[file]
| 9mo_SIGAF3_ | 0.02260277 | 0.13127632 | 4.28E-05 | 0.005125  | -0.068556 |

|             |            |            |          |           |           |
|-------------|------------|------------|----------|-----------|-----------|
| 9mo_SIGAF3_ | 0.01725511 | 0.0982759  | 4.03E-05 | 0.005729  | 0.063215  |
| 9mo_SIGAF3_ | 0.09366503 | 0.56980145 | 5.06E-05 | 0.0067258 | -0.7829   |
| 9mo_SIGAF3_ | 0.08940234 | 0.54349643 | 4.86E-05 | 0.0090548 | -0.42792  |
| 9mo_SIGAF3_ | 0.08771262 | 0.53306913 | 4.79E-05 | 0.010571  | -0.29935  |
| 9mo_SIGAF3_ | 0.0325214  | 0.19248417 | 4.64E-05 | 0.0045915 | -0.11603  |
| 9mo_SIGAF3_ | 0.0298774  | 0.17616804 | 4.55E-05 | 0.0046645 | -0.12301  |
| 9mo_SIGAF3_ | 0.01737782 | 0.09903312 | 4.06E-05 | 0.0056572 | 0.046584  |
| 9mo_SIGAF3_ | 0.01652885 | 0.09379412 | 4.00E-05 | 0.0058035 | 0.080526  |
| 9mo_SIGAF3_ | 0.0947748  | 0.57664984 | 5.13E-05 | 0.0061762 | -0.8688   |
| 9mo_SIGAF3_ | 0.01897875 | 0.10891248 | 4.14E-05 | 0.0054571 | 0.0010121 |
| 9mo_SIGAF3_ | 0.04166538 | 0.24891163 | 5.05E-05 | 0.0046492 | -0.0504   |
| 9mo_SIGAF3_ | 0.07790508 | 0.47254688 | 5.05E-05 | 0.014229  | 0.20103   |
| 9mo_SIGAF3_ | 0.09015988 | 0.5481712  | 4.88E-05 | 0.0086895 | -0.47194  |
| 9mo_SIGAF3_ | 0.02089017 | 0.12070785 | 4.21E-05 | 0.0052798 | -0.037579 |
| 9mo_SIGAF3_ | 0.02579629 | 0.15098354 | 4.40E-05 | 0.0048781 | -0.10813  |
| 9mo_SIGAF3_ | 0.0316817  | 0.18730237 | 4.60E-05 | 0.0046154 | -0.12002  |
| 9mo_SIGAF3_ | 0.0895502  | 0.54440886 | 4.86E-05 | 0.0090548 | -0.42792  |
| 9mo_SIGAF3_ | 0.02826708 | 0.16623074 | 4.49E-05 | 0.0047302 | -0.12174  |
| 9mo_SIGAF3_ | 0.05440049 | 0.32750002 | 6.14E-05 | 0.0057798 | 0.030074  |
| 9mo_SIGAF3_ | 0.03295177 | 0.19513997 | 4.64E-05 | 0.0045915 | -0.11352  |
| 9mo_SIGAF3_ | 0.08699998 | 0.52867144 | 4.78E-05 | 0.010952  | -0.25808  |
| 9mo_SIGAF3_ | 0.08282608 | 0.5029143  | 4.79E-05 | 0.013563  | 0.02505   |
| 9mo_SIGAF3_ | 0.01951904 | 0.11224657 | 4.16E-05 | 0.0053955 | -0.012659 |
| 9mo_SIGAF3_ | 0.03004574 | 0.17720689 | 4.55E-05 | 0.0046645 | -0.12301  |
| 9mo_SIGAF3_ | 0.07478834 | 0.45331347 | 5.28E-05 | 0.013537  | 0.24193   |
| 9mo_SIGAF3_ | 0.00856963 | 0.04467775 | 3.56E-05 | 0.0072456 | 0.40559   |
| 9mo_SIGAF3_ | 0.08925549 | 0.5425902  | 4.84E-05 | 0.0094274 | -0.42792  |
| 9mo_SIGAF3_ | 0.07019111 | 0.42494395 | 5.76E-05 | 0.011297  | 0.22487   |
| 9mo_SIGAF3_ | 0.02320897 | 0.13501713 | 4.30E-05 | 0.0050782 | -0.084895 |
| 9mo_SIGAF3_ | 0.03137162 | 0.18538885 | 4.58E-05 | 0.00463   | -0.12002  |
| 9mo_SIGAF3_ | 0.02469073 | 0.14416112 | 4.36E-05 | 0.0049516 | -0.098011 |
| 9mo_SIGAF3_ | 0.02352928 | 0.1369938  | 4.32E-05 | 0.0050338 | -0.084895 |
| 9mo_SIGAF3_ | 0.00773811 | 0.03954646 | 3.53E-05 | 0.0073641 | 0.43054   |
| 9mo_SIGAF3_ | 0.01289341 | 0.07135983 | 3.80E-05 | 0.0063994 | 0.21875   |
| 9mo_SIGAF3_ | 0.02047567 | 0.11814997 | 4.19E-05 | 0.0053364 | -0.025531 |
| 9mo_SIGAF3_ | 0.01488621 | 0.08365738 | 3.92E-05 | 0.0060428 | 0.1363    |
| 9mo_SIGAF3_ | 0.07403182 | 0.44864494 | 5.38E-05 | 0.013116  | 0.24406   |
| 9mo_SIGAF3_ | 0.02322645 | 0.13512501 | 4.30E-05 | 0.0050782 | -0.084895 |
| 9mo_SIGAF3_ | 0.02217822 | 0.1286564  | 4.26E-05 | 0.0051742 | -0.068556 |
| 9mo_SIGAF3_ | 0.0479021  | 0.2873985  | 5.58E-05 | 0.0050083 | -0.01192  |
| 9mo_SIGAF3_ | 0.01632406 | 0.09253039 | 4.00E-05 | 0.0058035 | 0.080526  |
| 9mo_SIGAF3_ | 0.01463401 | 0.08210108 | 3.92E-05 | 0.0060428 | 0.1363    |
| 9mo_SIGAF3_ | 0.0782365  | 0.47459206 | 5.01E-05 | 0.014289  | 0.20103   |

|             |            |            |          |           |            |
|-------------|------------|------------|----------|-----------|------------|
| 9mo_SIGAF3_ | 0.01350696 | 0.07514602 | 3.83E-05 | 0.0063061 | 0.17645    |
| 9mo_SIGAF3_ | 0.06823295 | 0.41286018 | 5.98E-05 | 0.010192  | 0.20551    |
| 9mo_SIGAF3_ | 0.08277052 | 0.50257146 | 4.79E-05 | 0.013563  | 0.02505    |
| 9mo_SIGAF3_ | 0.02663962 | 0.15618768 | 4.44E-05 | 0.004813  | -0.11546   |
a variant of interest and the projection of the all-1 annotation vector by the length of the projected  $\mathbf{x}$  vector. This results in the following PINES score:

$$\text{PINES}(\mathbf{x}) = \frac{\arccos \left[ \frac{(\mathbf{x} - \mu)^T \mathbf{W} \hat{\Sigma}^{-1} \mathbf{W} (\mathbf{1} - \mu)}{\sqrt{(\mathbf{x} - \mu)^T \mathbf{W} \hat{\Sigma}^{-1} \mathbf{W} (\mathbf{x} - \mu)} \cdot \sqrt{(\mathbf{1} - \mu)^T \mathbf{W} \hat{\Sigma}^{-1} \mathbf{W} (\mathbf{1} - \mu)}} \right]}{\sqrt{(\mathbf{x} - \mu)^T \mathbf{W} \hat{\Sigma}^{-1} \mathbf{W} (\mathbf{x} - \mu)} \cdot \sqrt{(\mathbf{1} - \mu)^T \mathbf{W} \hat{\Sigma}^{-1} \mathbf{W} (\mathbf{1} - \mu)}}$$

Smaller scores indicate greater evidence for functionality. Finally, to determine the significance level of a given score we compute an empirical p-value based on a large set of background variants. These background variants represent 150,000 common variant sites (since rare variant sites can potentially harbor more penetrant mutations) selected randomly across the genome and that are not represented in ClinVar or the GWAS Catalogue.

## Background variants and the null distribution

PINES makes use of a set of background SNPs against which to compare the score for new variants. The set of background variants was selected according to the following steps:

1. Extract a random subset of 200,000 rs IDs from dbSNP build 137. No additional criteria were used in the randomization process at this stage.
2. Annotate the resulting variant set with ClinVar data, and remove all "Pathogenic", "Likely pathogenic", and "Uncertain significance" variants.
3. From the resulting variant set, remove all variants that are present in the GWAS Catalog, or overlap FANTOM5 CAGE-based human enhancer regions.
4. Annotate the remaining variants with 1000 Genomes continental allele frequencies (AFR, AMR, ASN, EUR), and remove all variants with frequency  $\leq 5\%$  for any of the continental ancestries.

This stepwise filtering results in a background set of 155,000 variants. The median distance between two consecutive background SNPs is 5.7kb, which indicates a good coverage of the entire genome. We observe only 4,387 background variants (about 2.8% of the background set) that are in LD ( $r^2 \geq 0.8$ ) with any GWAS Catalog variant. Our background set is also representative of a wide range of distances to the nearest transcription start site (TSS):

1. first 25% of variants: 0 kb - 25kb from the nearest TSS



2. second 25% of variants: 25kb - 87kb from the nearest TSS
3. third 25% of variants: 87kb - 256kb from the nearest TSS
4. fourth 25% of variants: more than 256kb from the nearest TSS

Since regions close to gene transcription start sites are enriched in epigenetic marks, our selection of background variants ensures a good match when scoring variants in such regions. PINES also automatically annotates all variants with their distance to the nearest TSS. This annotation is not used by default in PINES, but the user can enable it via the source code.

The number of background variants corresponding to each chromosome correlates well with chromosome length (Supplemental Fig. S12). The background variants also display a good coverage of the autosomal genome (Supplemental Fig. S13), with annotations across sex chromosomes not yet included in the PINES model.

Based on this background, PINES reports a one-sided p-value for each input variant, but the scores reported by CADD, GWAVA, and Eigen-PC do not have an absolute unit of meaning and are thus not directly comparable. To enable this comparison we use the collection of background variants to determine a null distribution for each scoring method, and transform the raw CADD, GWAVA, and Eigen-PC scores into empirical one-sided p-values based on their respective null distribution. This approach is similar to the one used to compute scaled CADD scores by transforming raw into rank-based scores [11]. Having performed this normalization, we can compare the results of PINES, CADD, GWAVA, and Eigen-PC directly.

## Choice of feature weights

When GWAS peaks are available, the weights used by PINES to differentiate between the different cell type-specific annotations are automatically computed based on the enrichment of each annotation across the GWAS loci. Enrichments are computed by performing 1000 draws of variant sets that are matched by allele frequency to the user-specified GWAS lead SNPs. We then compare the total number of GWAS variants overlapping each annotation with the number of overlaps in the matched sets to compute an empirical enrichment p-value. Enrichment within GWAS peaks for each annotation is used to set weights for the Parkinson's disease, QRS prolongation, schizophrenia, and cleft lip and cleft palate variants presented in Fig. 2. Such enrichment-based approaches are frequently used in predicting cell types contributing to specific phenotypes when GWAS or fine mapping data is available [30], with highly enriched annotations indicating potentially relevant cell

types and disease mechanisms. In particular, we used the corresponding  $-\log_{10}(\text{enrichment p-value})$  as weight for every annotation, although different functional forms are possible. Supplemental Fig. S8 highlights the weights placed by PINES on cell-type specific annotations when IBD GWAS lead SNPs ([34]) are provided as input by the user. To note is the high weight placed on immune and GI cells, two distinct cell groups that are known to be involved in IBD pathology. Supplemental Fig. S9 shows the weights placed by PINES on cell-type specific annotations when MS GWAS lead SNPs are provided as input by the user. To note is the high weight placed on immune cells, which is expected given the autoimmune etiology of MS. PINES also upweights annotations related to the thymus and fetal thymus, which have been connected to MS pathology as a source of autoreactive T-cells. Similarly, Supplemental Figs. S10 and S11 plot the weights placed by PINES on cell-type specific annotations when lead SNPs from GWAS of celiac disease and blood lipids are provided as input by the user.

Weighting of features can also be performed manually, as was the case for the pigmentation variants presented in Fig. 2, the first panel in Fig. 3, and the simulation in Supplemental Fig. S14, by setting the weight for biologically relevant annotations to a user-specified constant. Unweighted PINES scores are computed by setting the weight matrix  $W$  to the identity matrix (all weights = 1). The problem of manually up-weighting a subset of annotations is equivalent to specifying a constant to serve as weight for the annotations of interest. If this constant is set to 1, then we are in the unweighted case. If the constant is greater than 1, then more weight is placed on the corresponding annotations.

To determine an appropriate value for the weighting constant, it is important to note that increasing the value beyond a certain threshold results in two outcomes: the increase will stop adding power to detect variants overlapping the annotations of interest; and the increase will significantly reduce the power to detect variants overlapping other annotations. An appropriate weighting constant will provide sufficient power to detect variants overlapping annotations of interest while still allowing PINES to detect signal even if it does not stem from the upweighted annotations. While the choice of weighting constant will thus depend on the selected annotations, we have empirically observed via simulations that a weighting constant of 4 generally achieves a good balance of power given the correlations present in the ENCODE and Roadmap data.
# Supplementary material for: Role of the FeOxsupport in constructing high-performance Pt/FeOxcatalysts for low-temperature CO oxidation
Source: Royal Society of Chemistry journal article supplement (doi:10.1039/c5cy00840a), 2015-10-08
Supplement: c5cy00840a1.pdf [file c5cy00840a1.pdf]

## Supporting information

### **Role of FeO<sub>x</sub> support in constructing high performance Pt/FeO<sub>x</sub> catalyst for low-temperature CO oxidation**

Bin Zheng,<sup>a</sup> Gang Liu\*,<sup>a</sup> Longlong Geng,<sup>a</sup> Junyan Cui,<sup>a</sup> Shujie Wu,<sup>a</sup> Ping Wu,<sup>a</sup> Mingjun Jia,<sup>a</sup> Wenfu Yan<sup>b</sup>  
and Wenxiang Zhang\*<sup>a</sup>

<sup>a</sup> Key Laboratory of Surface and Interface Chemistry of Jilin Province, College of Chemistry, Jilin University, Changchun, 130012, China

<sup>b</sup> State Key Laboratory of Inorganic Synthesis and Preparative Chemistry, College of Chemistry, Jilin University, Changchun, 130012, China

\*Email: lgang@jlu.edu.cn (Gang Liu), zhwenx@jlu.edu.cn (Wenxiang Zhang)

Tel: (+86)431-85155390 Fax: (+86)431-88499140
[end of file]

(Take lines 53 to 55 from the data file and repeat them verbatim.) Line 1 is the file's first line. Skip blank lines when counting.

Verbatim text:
a variant of interest and the projection of the all-1 annotation vector by the length of the projected  $\mathbf{x}$  vector. This results in the following PINES score:

$$\text{PINES}(\mathbf{x}) = \frac{\arccos \left[ \frac{(\mathbf{x} - \mu)^T \mathbf{W} \hat{\Sigma}^{-1} \mathbf{W} (\mathbf{1} - \mu)}{\sqrt{(\mathbf{x} - \mu)^T \mathbf{W} \hat{\Sigma}^{-1} \mathbf{W} (\mathbf{x} - \mu)} \cdot \sqrt{(\mathbf{1} - \mu)^T \mathbf{W} \hat{\Sigma}^{-1} \mathbf{W} (\mathbf{1} - \mu)}} \right]}{\sqrt{(\mathbf{x} - \mu)^T \mathbf{W} \hat{\Sigma}^{-1} \mathbf{W} (\mathbf{x} - \mu)} \cdot \sqrt{(\mathbf{1} - \mu)^T \mathbf{W} \hat{\Sigma}^{-1} \mathbf{W} (\mathbf{1} - \mu)}}$$

Smaller scores indicate greater evidence for functionality. Finally, to determine the significance level of a given score we compute an empirical p-value based on a large set of background variants. These background variants represent 150,000 common variant sites (since rare variant sites can potentially harbor more penetrant mutations) selected randomly across the genome and that are not represented in ClinVar or the GWAS Catalogue.